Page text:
Across the country, there are councils with almost no opposition. Indeed, in some cases, with no opposition at all. This is because the current election system, of first past the post, can mean that the largest party wins all the seats, and the party coming second wins none.

A weak opposition leads to poor government. So, from 2015, the government should follow the example of Scotland, and introduce STV for local elections.

Trident

The decision on the replacement of Trident will be after the 2015 election. The Trident system served us well in the cold war, but such an ambitious system should no longer be a priority.
The 2015 government should choose a less expensive alternative, rather than adopting a like-for-like replacement of the Trident nuclear weapons system.

Target payment of benefits to pensioners who need it

The winter fuel allowance and free bus passes are given to pensioners regardless of their income, even if they are millionaires. This is clearly absurd. And, at a time when heart-breaking decisions are being made about public spending, it is a scandalous waste of money. The government should end the winter fuel allowance and free bus passes for those paying the higher rate of tax.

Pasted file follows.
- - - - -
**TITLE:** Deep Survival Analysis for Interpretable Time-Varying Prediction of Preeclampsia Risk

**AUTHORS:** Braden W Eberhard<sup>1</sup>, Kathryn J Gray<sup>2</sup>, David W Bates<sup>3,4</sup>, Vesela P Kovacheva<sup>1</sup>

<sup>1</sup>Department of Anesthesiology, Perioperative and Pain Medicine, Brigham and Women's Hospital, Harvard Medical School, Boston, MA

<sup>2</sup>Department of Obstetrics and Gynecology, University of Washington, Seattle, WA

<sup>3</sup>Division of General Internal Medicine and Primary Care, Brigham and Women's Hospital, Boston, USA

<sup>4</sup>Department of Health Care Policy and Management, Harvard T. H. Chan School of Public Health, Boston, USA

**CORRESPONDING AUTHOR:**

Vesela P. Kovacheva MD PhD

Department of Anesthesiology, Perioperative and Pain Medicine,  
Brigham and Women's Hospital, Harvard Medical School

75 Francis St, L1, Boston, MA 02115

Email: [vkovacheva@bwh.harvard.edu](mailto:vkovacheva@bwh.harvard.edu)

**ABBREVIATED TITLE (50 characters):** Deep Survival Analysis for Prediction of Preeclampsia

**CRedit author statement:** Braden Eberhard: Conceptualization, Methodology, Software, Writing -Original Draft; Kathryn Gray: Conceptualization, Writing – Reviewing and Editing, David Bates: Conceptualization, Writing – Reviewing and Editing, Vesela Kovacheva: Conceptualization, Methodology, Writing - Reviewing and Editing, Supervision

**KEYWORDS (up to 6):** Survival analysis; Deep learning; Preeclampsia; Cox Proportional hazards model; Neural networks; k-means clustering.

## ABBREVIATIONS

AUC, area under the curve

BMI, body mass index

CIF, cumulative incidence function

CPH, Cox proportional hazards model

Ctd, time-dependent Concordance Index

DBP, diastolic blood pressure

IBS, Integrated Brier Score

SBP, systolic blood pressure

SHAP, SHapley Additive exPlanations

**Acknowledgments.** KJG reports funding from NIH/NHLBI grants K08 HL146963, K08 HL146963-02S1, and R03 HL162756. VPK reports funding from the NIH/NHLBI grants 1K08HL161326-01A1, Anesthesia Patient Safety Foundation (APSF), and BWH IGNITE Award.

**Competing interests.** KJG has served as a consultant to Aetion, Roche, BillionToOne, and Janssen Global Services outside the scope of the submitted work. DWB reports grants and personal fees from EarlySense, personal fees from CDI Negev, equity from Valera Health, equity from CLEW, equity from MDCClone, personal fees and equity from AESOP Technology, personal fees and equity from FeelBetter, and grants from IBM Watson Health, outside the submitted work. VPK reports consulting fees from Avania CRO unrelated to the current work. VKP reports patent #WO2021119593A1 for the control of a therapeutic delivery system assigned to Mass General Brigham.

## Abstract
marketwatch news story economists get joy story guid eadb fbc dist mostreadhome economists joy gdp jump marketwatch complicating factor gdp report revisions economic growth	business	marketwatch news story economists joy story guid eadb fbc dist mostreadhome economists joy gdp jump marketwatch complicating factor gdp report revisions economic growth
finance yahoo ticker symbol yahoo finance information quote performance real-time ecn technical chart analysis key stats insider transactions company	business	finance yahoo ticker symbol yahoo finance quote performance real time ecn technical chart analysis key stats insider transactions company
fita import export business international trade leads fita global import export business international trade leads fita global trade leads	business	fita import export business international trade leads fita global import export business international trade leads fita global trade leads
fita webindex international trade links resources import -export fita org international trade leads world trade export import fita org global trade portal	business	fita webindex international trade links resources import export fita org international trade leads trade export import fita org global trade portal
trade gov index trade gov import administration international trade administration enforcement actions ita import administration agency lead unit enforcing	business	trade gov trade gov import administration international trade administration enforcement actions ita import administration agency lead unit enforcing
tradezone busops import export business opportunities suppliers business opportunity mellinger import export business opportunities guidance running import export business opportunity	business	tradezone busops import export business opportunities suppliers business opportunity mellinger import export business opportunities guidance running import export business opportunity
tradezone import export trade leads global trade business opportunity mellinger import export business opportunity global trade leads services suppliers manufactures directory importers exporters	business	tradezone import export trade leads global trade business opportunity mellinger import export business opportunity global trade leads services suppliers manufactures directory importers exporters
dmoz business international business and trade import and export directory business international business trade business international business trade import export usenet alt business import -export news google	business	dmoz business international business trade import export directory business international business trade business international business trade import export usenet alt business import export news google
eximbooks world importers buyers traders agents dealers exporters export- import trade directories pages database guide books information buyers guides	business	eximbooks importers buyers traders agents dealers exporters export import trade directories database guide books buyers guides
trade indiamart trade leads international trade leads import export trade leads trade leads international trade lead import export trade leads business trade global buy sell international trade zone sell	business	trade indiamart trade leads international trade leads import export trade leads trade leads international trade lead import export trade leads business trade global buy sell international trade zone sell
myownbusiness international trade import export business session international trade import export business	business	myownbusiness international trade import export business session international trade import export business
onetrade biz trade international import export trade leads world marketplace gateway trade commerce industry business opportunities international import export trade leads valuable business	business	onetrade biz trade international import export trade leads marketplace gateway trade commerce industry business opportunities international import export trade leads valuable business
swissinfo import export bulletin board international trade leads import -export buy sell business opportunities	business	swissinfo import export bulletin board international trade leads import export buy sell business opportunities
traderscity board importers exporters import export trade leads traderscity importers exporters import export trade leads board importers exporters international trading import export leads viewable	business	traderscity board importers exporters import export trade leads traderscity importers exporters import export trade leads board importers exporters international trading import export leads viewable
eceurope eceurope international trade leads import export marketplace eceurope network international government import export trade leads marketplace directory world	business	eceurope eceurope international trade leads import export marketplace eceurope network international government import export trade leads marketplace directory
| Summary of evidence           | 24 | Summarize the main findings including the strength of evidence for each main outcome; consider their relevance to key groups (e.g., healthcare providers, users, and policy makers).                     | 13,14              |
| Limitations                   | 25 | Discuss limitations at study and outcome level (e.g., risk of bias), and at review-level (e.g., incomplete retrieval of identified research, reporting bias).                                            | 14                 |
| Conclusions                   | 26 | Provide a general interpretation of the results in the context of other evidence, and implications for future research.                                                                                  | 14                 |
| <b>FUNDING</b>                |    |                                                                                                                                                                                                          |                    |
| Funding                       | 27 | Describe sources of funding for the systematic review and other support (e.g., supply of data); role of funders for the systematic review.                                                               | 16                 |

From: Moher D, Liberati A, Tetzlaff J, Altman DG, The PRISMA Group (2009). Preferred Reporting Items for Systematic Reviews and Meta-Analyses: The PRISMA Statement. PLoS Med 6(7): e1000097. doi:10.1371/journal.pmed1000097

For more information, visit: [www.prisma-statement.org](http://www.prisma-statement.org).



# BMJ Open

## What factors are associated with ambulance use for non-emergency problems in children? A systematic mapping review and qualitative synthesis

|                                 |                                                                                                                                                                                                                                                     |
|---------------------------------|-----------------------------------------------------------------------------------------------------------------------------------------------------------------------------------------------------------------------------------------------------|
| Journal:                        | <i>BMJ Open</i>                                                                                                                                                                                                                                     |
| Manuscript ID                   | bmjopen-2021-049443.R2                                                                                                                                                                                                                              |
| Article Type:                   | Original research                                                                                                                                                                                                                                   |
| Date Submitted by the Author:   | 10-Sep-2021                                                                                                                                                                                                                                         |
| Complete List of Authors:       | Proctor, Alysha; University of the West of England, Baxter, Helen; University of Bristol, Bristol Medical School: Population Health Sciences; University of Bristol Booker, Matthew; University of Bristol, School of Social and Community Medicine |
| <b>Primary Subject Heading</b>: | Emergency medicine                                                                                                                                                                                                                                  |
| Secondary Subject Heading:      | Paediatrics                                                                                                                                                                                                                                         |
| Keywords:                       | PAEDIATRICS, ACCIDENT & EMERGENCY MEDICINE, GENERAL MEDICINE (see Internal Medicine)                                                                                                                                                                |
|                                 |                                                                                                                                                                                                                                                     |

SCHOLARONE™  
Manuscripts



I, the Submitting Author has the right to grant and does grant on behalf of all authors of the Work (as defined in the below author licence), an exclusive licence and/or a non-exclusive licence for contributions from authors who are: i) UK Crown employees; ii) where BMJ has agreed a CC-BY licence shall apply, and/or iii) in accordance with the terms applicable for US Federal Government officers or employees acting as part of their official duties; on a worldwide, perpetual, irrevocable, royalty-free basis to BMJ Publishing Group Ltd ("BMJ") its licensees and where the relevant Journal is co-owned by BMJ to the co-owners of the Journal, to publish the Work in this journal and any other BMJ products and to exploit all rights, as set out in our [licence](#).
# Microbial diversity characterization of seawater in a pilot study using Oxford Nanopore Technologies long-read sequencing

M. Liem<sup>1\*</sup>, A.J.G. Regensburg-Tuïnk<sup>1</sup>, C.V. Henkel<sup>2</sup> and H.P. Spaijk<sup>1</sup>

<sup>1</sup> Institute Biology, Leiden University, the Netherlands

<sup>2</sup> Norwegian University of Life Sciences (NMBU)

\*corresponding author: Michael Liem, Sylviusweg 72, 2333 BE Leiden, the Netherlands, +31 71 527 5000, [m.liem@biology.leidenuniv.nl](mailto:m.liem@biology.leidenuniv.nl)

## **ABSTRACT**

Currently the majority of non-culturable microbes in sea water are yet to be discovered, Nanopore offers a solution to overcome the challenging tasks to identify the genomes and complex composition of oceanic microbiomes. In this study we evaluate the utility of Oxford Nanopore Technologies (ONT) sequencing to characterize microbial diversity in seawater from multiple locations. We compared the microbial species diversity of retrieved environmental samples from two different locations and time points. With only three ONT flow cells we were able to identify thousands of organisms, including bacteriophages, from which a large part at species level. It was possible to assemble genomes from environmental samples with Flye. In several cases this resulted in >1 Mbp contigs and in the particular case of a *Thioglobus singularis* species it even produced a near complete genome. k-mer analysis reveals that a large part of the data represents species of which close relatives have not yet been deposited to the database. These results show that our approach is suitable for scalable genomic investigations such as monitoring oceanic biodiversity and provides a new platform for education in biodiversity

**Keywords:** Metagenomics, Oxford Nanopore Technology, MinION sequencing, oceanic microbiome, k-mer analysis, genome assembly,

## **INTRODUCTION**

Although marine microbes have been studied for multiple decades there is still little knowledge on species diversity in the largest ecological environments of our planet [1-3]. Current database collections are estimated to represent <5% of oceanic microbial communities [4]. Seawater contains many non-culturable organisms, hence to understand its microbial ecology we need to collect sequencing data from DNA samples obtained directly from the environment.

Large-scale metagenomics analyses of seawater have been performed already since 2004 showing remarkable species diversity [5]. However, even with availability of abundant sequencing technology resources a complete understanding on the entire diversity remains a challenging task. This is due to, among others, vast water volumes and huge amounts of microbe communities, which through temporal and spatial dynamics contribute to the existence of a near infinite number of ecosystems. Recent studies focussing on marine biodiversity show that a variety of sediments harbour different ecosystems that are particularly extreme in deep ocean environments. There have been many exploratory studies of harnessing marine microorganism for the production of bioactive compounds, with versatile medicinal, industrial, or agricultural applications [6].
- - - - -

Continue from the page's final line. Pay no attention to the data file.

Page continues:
That’s enough of my ideas. Over to you guys for your policy suggestions.

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16 Comments

  • They should take the plunge and commit to nuclear disarmament. Or if that’s too divisive for the party and the public, give vocal support to a Nuclear Weapons Convention (which a majority of countries support) and aim to secure some multilateral reductions.

  • @Adam Michael Foot tried the nuclear disamament route, that didn’t work out well, that isn’t going to happen 🙂

    On Winter fuel allowances they should be based on per person, per household, one home doesn’t cost twice as much to heat because two people live there, the benefits should be opt out, so those who feel they don’t need them can voluntarily opt out, our pensioners get a poor enough deal as it is,

  • I think the WFA should stay the same but make it perhaps per household – after all we’re finding out that this is a cold country. As for the free bus travel most millionaires won’t use it or even have one – it’s something that I think people should have in their old age as a way of feeling `part of the world`.

  • @Matt you might want to look into how low an income pensioners get whilst not receiving pension credits before you start saying winter fuel allowance should be tied to pension credits.